Fisher and Weisman are masters of opulent rooms that whisper elegant under-statement. For their own super-luxe apartment in a classical building on Nob Hill, San Francisco, the duo turned the color down a notch to highlight art, antiques, Andrew’s creations, and sleek interior architecture.
|Poised Perfection Fisher and Weisman created a superb living room, calibrated to the millimeter, so that each detail is balanced and harmonious.|
|Masters of Control: Designers Jeffry Weisman and Andrew Fisher, whose San Francisco firm specializes in highly customized interiors that whisper luxury.|
The partners have just published their first book, Artful Decoration Interiors by Fisher Weisman (The Monacelli Press) with a foreword by Margaret Russell.
The new Monacelli book covers the broad range of Fisher Weisman interiors over the last decade, including their former country house, guesthouse, and tree house in the hills west of Healdsburg. There are client projects in Chicago, Palm Canyon, Carmel, Sonoma, the Napa Valley, and all the best addresses in San Francisco. Highlighted also is their own new house in San Miguel de Allende, Mexico.
The shell-encrusted furniture designs and the bronze-case pieces by Andrew Fisher are expertly highlighted and I know you will want to know more about these Tony Duquette-inspired creations. Keep reading!
I’ve included inspiring and detailed information on how, where, and exactly why Andrew Fisher makes these magical chandeliers and tables, chairs and décor for himself and for many delighted clients.
Scroll down and read more about ‘Fabergé with a glue gun’ and his obsession with shells and the baroque. Love it all.
Jeffry Weisman and Andrew Fisher, with more than fifty years in the design world between them, have decorated many prized city apartments over the years. So within seconds of visiting the Nob Hill apartment they could see the potential. It was a matter of re-purposing a bedroom, re-shaping the dining room, and improving the paneling of the living room. And adding lots of ‘antique’ mirrors to increase the apparent space.
The spacious apartment has superb light, with windows facing east and south. It’s both an airy daytime space and a super-glam nighttime aerie with city lights glimmering far below.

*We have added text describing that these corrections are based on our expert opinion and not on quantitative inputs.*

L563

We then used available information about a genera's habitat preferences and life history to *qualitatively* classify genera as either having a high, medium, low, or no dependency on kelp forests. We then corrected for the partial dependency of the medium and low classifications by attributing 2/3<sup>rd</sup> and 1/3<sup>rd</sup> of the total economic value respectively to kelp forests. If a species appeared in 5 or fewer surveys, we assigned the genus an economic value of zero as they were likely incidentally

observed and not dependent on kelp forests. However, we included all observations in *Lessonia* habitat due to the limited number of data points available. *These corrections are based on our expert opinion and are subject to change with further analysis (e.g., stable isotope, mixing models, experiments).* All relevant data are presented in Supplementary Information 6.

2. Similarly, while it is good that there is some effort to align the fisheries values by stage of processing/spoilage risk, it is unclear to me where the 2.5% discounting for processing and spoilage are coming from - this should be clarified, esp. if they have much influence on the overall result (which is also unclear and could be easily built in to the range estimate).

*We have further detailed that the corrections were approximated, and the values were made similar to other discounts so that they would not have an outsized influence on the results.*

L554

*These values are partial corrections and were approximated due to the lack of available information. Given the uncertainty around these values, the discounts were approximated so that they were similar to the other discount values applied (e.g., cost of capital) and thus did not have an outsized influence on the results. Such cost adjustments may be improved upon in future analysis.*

“It is fantastic because we work hard, we travel a lot, and this is very private, very quiet,” said Weisman.
The renovation was lengthy—but their artful plan resulted in an apartment that seemed untouched (merely refreshed and updated) since the twenties. There are no intrusive indicators of time, dates or specific period.
They created a subtle play of light and shadow and created the perfect background for Andrew’s magical shell-shocked furniture, chandeliers and decorative candelabra.
“Suddenly the rooms became a rich but low-key background for our collections,” said Fisher. “Our goal was décor that was sotto voce, soft-spoken, and imposing or formal. We wanted it to feel airy, with rooms that were contemporary in mood.”
“We designed furniture for the apartment and added signature custom pieces so that the rooms feel fresh and distinctive,” said Weisman. “We try to limit the amount of showroom furniture that goes into a project so that it doesn’t look too familiar or expected.”
There is vitality to the designers’ combination of very classical, grand architecture and the elegant yet spare décor, the perfect background for city life.
Going for BaroqueSan Francisco artist Andrew Fisher creates rococo decor with shells, coral, paint and gilt, and his own free-floating imagination.
Interior designer/decorative artist Andrew Fisher has never encountered a surface he could not improve by artful and lavish embellishment. His chosen decorative technique is to apply layers of pearlescent oyster shells, gleaming shards of abalone, chips of mirror, found objects, and treasure chests of crystals, glass beads, and branches of coral--real and wonderfully faux-- to tables, chairs, candlesticks, picture frames, and lavish chandeliers.
Call him “Faberge with a glue gun”.